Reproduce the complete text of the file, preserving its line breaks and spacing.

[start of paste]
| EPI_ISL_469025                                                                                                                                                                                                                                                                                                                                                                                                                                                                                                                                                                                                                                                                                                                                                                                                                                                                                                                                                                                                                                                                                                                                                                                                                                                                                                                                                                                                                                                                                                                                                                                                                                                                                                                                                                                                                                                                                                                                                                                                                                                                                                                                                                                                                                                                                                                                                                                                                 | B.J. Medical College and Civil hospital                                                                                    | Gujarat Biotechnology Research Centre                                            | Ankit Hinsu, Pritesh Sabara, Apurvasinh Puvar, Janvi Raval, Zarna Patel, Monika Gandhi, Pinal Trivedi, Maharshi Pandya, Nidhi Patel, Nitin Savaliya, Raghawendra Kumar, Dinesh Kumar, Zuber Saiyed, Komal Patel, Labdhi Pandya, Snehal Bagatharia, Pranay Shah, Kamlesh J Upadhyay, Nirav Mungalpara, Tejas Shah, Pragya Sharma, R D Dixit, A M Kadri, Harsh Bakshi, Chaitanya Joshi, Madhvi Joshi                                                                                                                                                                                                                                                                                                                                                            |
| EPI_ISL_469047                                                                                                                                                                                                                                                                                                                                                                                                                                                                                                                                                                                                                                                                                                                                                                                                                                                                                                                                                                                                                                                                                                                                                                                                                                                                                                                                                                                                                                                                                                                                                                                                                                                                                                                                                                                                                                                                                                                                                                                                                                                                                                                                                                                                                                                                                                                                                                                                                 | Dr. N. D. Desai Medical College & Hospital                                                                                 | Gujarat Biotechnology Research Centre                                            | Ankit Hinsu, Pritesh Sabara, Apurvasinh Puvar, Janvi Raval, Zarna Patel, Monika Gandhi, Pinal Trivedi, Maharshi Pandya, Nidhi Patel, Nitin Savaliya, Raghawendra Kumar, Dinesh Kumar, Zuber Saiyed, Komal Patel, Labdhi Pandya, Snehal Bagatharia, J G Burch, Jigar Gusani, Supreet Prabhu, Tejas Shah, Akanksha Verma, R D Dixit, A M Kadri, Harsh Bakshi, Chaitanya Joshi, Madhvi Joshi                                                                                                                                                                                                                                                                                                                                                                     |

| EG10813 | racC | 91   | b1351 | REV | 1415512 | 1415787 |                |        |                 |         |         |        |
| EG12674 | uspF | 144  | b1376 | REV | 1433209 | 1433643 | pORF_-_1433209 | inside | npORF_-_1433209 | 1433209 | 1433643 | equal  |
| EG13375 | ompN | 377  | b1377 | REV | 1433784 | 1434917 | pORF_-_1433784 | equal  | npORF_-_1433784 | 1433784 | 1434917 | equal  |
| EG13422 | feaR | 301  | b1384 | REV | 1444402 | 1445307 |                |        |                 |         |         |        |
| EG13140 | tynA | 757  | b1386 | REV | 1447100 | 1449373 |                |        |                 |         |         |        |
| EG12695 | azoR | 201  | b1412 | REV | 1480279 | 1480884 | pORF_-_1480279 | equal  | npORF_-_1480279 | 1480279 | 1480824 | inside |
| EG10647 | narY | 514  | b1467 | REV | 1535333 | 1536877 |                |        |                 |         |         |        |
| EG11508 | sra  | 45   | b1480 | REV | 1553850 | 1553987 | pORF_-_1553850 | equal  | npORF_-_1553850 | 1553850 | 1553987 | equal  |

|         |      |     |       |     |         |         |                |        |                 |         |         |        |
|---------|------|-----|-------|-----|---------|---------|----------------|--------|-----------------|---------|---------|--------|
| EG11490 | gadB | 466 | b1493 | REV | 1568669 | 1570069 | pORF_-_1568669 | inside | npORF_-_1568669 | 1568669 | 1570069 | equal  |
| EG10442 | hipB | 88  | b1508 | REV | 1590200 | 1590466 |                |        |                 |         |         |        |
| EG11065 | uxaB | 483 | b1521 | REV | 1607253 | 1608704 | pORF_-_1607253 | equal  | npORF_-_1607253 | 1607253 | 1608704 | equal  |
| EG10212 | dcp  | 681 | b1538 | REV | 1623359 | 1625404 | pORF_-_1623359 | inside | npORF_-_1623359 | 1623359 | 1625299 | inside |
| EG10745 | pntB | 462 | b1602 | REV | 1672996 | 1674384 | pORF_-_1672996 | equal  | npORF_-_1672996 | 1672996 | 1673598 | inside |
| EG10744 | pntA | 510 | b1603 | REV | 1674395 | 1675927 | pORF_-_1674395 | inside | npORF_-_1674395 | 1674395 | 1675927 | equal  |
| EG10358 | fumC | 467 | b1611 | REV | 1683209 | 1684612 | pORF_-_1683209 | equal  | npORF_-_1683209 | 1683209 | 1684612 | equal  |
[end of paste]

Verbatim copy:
| EPI_ISL_469025                                                                                                                                                                                                                                                                                                                                                                                                                                                                                                                                                                                                                                                                                                                                                                                                                                                                                                                                                                                                                                                                                                                                                                                                                                                                                                                                                                                                                                                                                                                                                                                                                                                                                                                                                                                                                                                                                                                                                                                                                                                                                                                                                                                                                                                                                                                                                                                                                 | B.J. Medical College and Civil hospital                                                                                    | Gujarat Biotechnology Research Centre                                            | Ankit Hinsu, Pritesh Sabara, Apurvasinh Puvar, Janvi Raval, Zarna Patel, Monika Gandhi, Pinal Trivedi, Maharshi Pandya, Nidhi Patel, Nitin Savaliya, Raghawendra Kumar, Dinesh Kumar, Zuber Saiyed, Komal Patel, Labdhi Pandya, Snehal Bagatharia, Pranay Shah, Kamlesh J Upadhyay, Nirav Mungalpara, Tejas Shah, Pragya Sharma, R D Dixit, A M Kadri, Harsh Bakshi, Chaitanya Joshi, Madhvi Joshi                                                                                                                                                                                                                                                                                                                                                            |
| EPI_ISL_469047                                                                                                                                                                                                                                                                                                                                                                                                                                                                                                                                                                                                                                                                                                                                                                                                                                                                                                                                                                                                                                                                                                                                                                                                                                                                                                                                                                                                                                                                                                                                                                                                                                                                                                                                                                                                                                                                                                                                                                                                                                                                                                                                                                                                                                                                                                                                                                                                                 | Dr. N. D. Desai Medical College & Hospital                                                                                 | Gujarat Biotechnology Research Centre                                            | Ankit Hinsu, Pritesh Sabara, Apurvasinh Puvar, Janvi Raval, Zarna Patel, Monika Gandhi, Pinal Trivedi, Maharshi Pandya, Nidhi Patel, Nitin Savaliya, Raghawendra Kumar, Dinesh Kumar, Zuber Saiyed, Komal Patel, Labdhi Pandya, Snehal Bagatharia, J G Burch, Jigar Gusani, Supreet Prabhu, Tejas Shah, Akanksha Verma, R D Dixit, A M Kadri, Harsh Bakshi, Chaitanya Joshi, Madhvi Joshi                                                                                                                                                                                                                                                                                                                                                                     |

| EG10813 | racC | 91   | b1351 | REV | 1415512 | 1415787 |                |        |                 |         |         |        |
| EG12674 | uspF | 144  | b1376 | REV | 1433209 | 1433643 | pORF_-_1433209 | inside | npORF_-_1433209 | 1433209 | 1433643 | equal  |
| EG13375 | ompN | 377  | b1377 | REV | 1433784 | 1434917 | pORF_-_1433784 | equal  | npORF_-_1433784 | 1433784 | 1434917 | equal  |
| EG13422 | feaR | 301  | b1384 | REV | 1444402 | 1445307 |                |        |                 |         |         |        |
| EG13140 | tynA | 757  | b1386 | REV | 1447100 | 1449373 |                |        |                 |         |         |        |
| EG12695 | azoR | 201  | b1412 | REV | 1480279 | 1480884 | pORF_-_1480279 | equal  | npORF_-_1480279 | 1480279 | 1480824 | inside |
| EG10647 | narY | 514  | b1467 | REV | 1535333 | 1536877 |                |        |                 |         |         |        |
| EG11508 | sra  | 45   | b1480 | REV | 1553850 | 1553987 | pORF_-_1553850 | equal  | npORF_-_1553850 | 1553850 | 1553987 | equal  |

|         |      |     |       |     |         |         |                |        |                 |         |         |        |
|---------|------|-----|-------|-----|---------|---------|----------------|--------|-----------------|---------|---------|--------|
| EG11490 | gadB | 466 | b1493 | REV | 1568669 | 1570069 | pORF_-_1568669 | inside | npORF_-_1568669 | 1568669 | 1570069 | equal  |
| EG10442 | hipB | 88  | b1508 | REV | 1590200 | 1590466 |                |        |                 |         |         |        |
| EG11065 | uxaB | 483 | b1521 | REV | 1607253 | 1608704 | pORF_-_1607253 | equal  | npORF_-_1607253 | 1607253 | 1608704 | equal  |
| EG10212 | dcp  | 681 | b1538 | REV | 1623359 | 1625404 | pORF_-_1623359 | inside | npORF_-_1623359 | 1623359 | 1625299 | inside |
| EG10745 | pntB | 462 | b1602 | REV | 1672996 | 1674384 | pORF_-_1672996 | equal  | npORF_-_1672996 | 1672996 | 1673598 | inside |
| EG10744 | pntA | 510 | b1603 | REV | 1674395 | 1675927 | pORF_-_1674395 | inside | npORF_-_1674395 | 1674395 | 1675927 | equal  |
| EG10358 | fumC | 467 | b1611 | REV | 1683209 | 1684612 | pORF_-_1683209 | equal  | npORF_-_1683209 | 1683209 | 1684612 | equal  |